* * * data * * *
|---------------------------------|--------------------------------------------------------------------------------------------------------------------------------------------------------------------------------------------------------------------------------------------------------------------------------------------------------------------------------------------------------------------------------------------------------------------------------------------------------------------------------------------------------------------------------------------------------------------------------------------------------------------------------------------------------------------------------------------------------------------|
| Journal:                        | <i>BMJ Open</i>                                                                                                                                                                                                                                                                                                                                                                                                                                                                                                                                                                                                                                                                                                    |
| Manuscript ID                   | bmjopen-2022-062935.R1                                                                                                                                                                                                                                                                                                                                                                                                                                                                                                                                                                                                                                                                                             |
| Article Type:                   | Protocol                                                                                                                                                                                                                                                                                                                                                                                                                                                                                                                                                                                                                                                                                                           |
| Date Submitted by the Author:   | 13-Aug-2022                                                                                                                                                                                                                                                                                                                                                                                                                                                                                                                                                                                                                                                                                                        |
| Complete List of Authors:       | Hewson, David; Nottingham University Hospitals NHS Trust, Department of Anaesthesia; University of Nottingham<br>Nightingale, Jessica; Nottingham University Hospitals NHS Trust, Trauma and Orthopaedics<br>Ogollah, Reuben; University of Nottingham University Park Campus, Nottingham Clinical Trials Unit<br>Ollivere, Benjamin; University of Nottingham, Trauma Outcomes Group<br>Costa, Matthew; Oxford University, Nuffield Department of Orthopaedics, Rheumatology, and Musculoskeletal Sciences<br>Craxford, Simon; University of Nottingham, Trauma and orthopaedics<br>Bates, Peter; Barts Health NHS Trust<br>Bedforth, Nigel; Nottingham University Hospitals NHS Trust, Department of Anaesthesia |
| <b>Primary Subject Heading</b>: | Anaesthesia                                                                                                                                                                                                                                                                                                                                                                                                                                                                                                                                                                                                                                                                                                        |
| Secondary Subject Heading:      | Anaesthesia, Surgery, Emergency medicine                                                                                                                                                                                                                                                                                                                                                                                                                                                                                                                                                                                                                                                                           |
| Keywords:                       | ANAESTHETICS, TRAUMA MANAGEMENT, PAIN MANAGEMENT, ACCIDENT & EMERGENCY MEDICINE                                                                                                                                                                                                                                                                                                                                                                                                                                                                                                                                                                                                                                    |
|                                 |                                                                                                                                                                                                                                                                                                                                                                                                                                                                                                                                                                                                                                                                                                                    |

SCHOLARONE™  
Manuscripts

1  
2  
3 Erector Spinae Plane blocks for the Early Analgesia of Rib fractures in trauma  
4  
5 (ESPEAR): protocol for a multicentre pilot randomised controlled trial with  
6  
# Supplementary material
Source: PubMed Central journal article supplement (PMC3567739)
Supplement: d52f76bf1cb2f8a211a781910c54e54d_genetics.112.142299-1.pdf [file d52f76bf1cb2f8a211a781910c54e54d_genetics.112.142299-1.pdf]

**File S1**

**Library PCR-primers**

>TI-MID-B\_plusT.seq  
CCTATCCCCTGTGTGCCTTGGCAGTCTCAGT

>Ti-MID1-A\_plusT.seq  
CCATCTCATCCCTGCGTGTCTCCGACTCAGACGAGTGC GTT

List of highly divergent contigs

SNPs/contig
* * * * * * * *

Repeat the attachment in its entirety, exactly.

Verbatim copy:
|---------------------------------|--------------------------------------------------------------------------------------------------------------------------------------------------------------------------------------------------------------------------------------------------------------------------------------------------------------------------------------------------------------------------------------------------------------------------------------------------------------------------------------------------------------------------------------------------------------------------------------------------------------------------------------------------------------------------------------------------------------------|
| Journal:                        | <i>BMJ Open</i>                                                                                                                                                                                                                                                                                                                                                                                                                                                                                                                                                                                                                                                                                                    |
| Manuscript ID                   | bmjopen-2022-062935.R1                                                                                                                                                                                                                                                                                                                                                                                                                                                                                                                                                                                                                                                                                             |
| Article Type:                   | Protocol                                                                                                                                                                                                                                                                                                                                                                                                                                                                                                                                                                                                                                                                                                           |
| Date Submitted by the Author:   | 13-Aug-2022                                                                                                                                                                                                                                                                                                                                                                                                                                                                                                                                                                                                                                                                                                        |
| Complete List of Authors:       | Hewson, David; Nottingham University Hospitals NHS Trust, Department of Anaesthesia; University of Nottingham<br>Nightingale, Jessica; Nottingham University Hospitals NHS Trust, Trauma and Orthopaedics<br>Ogollah, Reuben; University of Nottingham University Park Campus, Nottingham Clinical Trials Unit<br>Ollivere, Benjamin; University of Nottingham, Trauma Outcomes Group<br>Costa, Matthew; Oxford University, Nuffield Department of Orthopaedics, Rheumatology, and Musculoskeletal Sciences<br>Craxford, Simon; University of Nottingham, Trauma and orthopaedics<br>Bates, Peter; Barts Health NHS Trust<br>Bedforth, Nigel; Nottingham University Hospitals NHS Trust, Department of Anaesthesia |
| <b>Primary Subject Heading</b>: | Anaesthesia                                                                                                                                                                                                                                                                                                                                                                                                                                                                                                                                                                                                                                                                                                        |
| Secondary Subject Heading:      | Anaesthesia, Surgery, Emergency medicine                                                                                                                                                                                                                                                                                                                                                                                                                                                                                                                                                                                                                                                                           |
| Keywords:                       | ANAESTHETICS, TRAUMA MANAGEMENT, PAIN MANAGEMENT, ACCIDENT & EMERGENCY MEDICINE                                                                                                                                                                                                                                                                                                                                                                                                                                                                                                                                                                                                                                    |
|                                 |                                                                                                                                                                                                                                                                                                                                                                                                                                                                                                                                                                                                                                                                                                                    |

SCHOLARONE™  
Manuscripts

1  
2  
3 Erector Spinae Plane blocks for the Early Analgesia of Rib fractures in trauma  
4  
5 (ESPEAR): protocol for a multicentre pilot randomised controlled trial with  
6  
# Supplementary material
Source: PubMed Central journal article supplement (PMC3567739)
Supplement: d52f76bf1cb2f8a211a781910c54e54d_genetics.112.142299-1.pdf [file d52f76bf1cb2f8a211a781910c54e54d_genetics.112.142299-1.pdf]

**File S1**

**Library PCR-primers**

>TI-MID-B\_plusT.seq  
CCTATCCCCTGTGTGCCTTGGCAGTCTCAGT

>Ti-MID1-A\_plusT.seq  
CCATCTCATCCCTGCGTGTCTCCGACTCAGACGAGTGC GTT

List of highly divergent contigs

SNPs/contig